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I’m interrupting my 30-day letter writing challenge (which was actually put on hiatus in favor of sleep over the weekend, anyway) in honor of National Coming Out Day. While I missed the assignment from my beloved editors at Our Big Gayborhood to write about our coming out experiences, I thought I’d throw something together here.

Truth be told, my coming out story is really rather dull. I had been desperately in love with my high school sweetheart (yes, a guy) for five years. We had plans to marry after college graduation and I thought the rest of my life was sewn up, nice and tidy. The problem was that I had been skirt-chasing (or, well, in my case “butch-chasing”) for several years. I had known since the age of 4 that I was bisexual at the very least and by the time said love and I began dating, I was very open about the fact that I was set on having at least one experience with a woman in my lifetime. I didn’t have any idea that one experience—the first one—would actually turn into a lifetime as she and I have reunited after 26 years.  It took me a while to let him go. As I said, I loved him very much. In the end, I realized that I wasn’t going to be able to quell my feelings for women and I had to say goodbye. It was the biggest heartbreak of my life and it took me a full 20 years to finally find some peace with my decision.

The night we broke up, I called my parents from my little rented attic room in Upper Montclair, NJ. I was lying on the floor and I talked to my dad first. That in itself is unusual because my mother is usually on the receiving end of big news. Perhaps that is why, to this day, my father always hands the phone to my mom as soon as I say hello. At any rate, I told him that J and I had broken up. I remember very clearly my father saying, “Well. It must be something really big for you two to have broken up.”  And I said, “Yes, dad…I’m gay.” There was a pause. Not a long one. No dramatic inhalation of breath, no sighing, no noise of any kind—and then he said, “Sweetheart, you are our daughter and we love you. No matter what. Now here’s your mother.” That’s my dad. Ever the pragmatist. Mom? She had a tougher time. She accepted it well enough but spent years psychoanalyzing what she might have done wrong during her pregnancy to cause me to be gay. Something she drank? Her time spent working on Rubella vaccines? That spinster aunt of hers? I would just shake my head and smile. Whatever she needed to do to get through it.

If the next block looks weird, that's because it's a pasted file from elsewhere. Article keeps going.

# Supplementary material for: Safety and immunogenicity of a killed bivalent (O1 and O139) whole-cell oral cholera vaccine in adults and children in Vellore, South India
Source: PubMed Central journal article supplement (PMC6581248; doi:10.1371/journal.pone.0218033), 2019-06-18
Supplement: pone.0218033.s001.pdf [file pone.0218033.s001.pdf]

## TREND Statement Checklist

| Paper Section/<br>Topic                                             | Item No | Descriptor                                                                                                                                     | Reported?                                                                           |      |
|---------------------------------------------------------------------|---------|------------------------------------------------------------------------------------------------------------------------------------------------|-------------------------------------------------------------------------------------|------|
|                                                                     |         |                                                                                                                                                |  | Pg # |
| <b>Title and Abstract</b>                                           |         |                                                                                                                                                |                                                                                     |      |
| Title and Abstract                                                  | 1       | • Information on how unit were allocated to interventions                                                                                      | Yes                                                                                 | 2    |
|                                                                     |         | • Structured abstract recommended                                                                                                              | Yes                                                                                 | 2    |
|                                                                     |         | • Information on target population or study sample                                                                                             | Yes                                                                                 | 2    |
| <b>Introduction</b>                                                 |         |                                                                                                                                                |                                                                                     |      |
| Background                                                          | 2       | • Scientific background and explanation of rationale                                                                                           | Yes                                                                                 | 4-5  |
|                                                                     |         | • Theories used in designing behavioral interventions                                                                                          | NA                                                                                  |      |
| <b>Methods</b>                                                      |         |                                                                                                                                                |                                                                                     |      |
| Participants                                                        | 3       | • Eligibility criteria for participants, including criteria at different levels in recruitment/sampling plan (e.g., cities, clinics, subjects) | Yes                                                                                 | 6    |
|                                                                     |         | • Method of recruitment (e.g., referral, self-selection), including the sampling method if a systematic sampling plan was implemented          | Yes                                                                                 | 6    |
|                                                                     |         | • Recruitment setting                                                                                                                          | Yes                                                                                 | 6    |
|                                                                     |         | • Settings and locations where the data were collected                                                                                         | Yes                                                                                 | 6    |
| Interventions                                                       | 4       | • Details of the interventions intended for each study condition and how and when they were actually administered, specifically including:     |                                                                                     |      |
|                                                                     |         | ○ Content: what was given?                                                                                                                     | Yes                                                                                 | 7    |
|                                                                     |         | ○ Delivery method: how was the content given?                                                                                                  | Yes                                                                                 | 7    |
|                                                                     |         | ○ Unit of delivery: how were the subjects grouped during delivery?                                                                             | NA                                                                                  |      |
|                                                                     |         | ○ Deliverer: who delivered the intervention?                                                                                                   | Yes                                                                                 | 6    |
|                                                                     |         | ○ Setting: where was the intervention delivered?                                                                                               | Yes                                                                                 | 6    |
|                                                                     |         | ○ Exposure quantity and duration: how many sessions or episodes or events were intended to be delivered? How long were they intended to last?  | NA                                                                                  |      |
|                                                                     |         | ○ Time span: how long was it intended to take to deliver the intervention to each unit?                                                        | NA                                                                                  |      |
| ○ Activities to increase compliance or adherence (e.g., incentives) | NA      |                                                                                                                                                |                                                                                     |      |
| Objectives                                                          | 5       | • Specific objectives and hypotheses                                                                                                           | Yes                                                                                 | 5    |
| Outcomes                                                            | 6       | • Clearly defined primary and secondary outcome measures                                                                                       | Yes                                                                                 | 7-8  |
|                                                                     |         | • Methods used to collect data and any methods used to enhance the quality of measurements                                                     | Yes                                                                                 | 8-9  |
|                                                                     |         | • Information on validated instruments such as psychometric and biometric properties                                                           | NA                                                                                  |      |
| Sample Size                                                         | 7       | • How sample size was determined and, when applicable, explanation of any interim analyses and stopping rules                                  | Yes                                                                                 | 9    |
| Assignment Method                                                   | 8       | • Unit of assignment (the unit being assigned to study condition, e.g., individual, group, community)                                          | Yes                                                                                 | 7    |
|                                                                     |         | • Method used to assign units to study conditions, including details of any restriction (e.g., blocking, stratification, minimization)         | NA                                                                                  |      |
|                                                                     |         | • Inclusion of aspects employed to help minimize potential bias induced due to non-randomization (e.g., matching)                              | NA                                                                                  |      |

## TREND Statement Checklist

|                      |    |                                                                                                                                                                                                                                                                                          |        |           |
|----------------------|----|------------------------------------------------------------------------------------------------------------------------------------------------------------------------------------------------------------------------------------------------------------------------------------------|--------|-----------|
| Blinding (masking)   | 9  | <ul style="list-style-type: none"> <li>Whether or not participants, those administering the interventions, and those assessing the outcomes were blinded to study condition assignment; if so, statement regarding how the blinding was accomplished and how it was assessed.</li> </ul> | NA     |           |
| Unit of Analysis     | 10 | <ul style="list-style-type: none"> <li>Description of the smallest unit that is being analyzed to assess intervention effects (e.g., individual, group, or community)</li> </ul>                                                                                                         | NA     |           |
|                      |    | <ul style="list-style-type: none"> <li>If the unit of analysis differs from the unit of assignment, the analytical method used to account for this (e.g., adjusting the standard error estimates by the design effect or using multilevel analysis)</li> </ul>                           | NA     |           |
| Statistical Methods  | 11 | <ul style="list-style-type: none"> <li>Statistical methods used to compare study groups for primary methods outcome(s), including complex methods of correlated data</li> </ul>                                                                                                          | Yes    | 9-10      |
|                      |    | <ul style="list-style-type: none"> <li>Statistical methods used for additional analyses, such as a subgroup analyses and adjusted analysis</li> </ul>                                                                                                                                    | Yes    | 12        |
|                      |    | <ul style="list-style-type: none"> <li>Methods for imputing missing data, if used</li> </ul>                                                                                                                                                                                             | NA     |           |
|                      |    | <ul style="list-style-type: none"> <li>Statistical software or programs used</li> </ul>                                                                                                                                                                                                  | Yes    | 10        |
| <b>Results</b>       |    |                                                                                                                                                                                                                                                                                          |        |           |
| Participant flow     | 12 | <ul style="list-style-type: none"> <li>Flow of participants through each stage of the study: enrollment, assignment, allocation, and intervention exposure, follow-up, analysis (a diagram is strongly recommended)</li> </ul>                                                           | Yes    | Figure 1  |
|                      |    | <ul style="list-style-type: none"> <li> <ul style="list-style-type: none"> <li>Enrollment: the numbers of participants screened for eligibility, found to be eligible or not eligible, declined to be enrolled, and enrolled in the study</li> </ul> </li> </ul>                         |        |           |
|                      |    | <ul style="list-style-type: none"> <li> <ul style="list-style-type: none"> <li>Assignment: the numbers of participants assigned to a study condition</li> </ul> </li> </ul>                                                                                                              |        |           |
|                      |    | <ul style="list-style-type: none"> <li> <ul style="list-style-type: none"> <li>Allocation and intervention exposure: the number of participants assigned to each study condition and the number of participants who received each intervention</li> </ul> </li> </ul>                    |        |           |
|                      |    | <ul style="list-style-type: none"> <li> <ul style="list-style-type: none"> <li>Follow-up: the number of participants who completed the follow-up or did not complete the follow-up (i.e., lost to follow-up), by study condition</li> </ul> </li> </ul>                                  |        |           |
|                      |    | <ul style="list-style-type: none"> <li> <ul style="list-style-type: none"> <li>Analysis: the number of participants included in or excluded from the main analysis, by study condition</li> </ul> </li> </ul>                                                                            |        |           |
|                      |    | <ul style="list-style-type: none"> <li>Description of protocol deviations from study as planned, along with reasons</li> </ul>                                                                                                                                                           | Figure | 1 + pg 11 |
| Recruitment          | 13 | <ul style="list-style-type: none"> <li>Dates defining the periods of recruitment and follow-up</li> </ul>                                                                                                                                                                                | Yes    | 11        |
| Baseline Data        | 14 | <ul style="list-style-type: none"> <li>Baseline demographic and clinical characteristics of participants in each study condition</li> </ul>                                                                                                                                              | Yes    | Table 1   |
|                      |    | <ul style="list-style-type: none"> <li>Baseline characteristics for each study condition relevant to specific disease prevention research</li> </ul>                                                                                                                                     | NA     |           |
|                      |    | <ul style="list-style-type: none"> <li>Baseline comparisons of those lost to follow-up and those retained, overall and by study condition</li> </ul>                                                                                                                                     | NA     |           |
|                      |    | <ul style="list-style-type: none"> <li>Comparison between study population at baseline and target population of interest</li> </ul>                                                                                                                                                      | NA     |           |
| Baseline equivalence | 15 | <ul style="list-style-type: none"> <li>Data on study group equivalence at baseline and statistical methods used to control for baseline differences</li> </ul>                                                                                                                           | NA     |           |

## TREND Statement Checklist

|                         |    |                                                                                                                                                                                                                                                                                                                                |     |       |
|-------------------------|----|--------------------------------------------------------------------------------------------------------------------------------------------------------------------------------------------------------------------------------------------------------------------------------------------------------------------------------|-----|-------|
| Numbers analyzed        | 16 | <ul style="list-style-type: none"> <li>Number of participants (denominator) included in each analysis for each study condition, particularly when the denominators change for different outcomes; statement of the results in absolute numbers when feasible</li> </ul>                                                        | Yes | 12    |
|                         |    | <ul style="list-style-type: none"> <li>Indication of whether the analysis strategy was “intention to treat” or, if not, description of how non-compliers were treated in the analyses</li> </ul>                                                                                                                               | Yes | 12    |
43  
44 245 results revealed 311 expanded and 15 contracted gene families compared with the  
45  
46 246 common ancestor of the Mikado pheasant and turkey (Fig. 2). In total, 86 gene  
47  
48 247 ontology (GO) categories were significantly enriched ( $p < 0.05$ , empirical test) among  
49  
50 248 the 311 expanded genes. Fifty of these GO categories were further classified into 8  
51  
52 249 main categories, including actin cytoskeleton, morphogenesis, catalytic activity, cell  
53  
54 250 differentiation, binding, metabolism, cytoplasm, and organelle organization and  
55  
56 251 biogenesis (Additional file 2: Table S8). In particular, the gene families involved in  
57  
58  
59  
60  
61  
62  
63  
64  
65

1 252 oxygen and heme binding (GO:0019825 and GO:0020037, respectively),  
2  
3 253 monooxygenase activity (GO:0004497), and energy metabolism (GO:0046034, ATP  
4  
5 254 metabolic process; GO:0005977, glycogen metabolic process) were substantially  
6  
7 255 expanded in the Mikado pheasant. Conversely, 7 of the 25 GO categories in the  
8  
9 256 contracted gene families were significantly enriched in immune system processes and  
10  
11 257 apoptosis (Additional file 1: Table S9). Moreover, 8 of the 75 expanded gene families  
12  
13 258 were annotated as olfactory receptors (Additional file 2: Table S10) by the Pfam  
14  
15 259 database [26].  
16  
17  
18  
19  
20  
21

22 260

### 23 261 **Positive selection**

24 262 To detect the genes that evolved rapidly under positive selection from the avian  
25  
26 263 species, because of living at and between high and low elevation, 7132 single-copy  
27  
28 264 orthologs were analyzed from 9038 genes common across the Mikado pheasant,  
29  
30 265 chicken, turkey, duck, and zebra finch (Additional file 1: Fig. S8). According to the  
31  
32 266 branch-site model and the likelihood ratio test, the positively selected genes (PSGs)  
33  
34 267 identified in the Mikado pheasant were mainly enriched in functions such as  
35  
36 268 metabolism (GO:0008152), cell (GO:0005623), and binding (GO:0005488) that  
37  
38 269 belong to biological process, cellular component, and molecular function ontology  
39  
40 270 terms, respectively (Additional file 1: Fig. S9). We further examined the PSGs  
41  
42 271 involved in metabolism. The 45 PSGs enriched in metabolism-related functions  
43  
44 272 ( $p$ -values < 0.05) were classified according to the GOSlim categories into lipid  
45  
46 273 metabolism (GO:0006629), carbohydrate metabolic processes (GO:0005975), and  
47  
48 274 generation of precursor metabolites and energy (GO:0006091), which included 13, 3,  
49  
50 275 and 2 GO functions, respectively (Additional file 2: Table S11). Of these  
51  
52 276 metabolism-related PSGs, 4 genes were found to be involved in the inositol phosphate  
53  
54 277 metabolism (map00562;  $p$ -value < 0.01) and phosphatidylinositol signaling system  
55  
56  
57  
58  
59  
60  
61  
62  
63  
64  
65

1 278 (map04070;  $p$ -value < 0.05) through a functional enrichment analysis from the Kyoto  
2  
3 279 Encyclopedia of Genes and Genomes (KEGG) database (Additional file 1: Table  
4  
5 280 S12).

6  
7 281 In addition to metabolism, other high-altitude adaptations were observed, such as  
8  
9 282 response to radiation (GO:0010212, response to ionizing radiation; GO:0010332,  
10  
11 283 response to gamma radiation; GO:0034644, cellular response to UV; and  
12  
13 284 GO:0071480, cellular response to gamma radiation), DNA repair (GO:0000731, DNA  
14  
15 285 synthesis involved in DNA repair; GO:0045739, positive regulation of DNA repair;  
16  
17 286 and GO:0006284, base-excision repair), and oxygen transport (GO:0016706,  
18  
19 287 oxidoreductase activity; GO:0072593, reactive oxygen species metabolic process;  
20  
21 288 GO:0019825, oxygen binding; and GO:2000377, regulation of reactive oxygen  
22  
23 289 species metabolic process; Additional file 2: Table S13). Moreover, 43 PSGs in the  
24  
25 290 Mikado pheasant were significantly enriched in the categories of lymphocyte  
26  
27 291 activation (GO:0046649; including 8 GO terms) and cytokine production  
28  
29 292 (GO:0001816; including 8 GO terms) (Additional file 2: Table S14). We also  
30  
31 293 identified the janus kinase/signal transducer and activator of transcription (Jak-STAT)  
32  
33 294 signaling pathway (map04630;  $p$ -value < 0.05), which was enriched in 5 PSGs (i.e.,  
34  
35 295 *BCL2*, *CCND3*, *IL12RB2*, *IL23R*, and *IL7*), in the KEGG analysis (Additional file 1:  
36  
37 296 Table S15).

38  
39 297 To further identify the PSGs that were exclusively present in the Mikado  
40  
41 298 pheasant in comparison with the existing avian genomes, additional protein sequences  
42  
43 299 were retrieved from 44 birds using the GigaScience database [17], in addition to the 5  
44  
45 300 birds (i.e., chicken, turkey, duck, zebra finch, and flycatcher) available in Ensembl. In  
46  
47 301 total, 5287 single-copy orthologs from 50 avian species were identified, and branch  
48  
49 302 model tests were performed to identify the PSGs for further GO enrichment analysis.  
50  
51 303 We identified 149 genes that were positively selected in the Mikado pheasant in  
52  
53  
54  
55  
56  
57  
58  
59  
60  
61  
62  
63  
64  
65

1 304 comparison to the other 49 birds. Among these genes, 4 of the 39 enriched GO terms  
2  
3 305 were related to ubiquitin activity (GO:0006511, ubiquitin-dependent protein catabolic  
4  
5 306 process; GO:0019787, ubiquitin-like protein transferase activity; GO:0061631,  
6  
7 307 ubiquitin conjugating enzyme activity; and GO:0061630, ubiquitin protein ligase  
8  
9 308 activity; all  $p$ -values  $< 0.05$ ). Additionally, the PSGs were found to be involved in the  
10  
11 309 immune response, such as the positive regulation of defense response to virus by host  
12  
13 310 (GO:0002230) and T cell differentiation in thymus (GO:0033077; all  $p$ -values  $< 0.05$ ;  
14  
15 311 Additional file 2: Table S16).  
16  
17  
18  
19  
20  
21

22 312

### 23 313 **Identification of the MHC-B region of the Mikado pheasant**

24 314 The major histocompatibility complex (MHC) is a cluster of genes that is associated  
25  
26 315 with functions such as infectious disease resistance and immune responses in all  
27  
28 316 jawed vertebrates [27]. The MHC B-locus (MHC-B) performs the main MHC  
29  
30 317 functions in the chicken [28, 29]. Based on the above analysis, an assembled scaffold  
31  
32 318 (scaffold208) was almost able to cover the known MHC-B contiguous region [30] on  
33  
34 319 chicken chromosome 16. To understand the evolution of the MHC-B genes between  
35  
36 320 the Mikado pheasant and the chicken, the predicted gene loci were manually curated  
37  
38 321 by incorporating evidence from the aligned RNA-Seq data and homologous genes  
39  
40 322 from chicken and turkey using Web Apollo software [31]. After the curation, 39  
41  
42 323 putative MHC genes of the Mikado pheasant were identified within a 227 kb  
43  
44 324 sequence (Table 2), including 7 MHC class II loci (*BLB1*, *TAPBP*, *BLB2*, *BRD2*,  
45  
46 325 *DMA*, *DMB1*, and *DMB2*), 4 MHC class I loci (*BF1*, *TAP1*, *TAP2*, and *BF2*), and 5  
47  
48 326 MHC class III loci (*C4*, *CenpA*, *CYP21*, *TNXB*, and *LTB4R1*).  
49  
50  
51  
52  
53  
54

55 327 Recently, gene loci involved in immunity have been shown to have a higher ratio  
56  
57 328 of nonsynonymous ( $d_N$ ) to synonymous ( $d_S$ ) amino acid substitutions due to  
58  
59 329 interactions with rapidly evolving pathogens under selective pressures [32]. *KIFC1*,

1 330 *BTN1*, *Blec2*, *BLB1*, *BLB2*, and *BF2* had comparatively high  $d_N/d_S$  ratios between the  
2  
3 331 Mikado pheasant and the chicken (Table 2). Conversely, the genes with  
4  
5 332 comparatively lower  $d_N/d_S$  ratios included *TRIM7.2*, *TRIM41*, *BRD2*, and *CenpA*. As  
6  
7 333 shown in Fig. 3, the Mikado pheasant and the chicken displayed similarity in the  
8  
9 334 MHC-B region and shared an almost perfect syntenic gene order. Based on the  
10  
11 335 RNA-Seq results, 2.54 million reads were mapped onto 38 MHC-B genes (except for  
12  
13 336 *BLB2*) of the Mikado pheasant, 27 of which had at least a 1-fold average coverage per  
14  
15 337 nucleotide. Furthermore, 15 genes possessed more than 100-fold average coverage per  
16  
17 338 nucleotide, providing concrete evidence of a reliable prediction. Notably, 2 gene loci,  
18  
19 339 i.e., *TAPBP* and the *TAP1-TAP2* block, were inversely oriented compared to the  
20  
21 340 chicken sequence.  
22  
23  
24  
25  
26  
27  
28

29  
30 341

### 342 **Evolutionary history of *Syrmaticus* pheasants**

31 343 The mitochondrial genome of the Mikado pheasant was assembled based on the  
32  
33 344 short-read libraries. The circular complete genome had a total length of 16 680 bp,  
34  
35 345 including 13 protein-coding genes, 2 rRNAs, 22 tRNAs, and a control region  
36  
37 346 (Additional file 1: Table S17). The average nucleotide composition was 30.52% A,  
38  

What I didn’t count on was the academic way she would approach the news. My mother is a voracious reader and if there is something she needs to know, she’ll head to the bookstore and come home with everything written on the subject. The first time I came home to visit after telling them, my mother had an entire bookshelf dedicated to lesbian studies. That, in itself, was okay. What was not okay was the fact that she had also bought Joann Lulan’s Joy of Lesbian Sex. Really, I thought I would die. I mean seriously, did she have to know everything? Mortification doesn’t begin to cover what I was feeling at the time.

Now, lo these many years later, I have to come out every single day. Much has been said lately about femme invisibility and I am here to attest to the fact that it is indeed alive and well. Because I don’t “look” like what folks expect dykes to look like, I wind up having to explain myself any time I talk about my partner or my son’s mama or the way he was conceived or why I leave the father lines blank on his school forms. I am far more comfortable in skirts than jeans, I love big jewelry, and I don’t leave the house without makeup. While I might get picked up on a well-honed gaydar, I am usually ignored at lesbian bars because even those like me think I must either be trolling for a girl to satisfy my husband’s threesome fantasies or I’m a (and I loathe this term) fag hag.

I’ve thought about dyking it up a bit. I’ve considered a tattoo of some kind to let folks know without my ever having to say anything. I’ve thought perhaps subtle pink triangle earrings might do the trick. The fact is, I am who I am and I am really okay with having to come out to folks all the time. I’m lucky that way, because I am evidently “inoffensive” in their eyes, it doesn’t seem to be a big deal. My partner, on the other hand, is clearly lesbian (well, once folks get over the gender confusion issue) and because she is so butch she tends to make folks uncomfortable, which in turn, makes every day a fresh new hell. I wish that on this day of coming out, people would realize that we don’t intend to make them angry just because we’re gay. Hey, we let you live your lives as you so choose, why get your panties in a twist because we happen to love persons of the same gender? What did we ever do to you? Did we throw rocks because you were straight? Did we yell at you and call you names? Do we stare at you with contempt and disgust? Did a gang of gay men tie one of you up to a fence, beat you to a pulp, and leave you for dead?

No. We quietly live our lives in much the same way you live yours. We may be a bit more flamboyant at times in celebration of the fact that we can (or at least have been until recently) be out and proud without too much threat of violence, but we’re parents and homemakers and job-holders and taxpayers and…you get the picture. We live right next door to you and likely you’ve never even realized it. Today, as I do so many other days, I am here to say, “I’m a lesbian.” And I’m okay.

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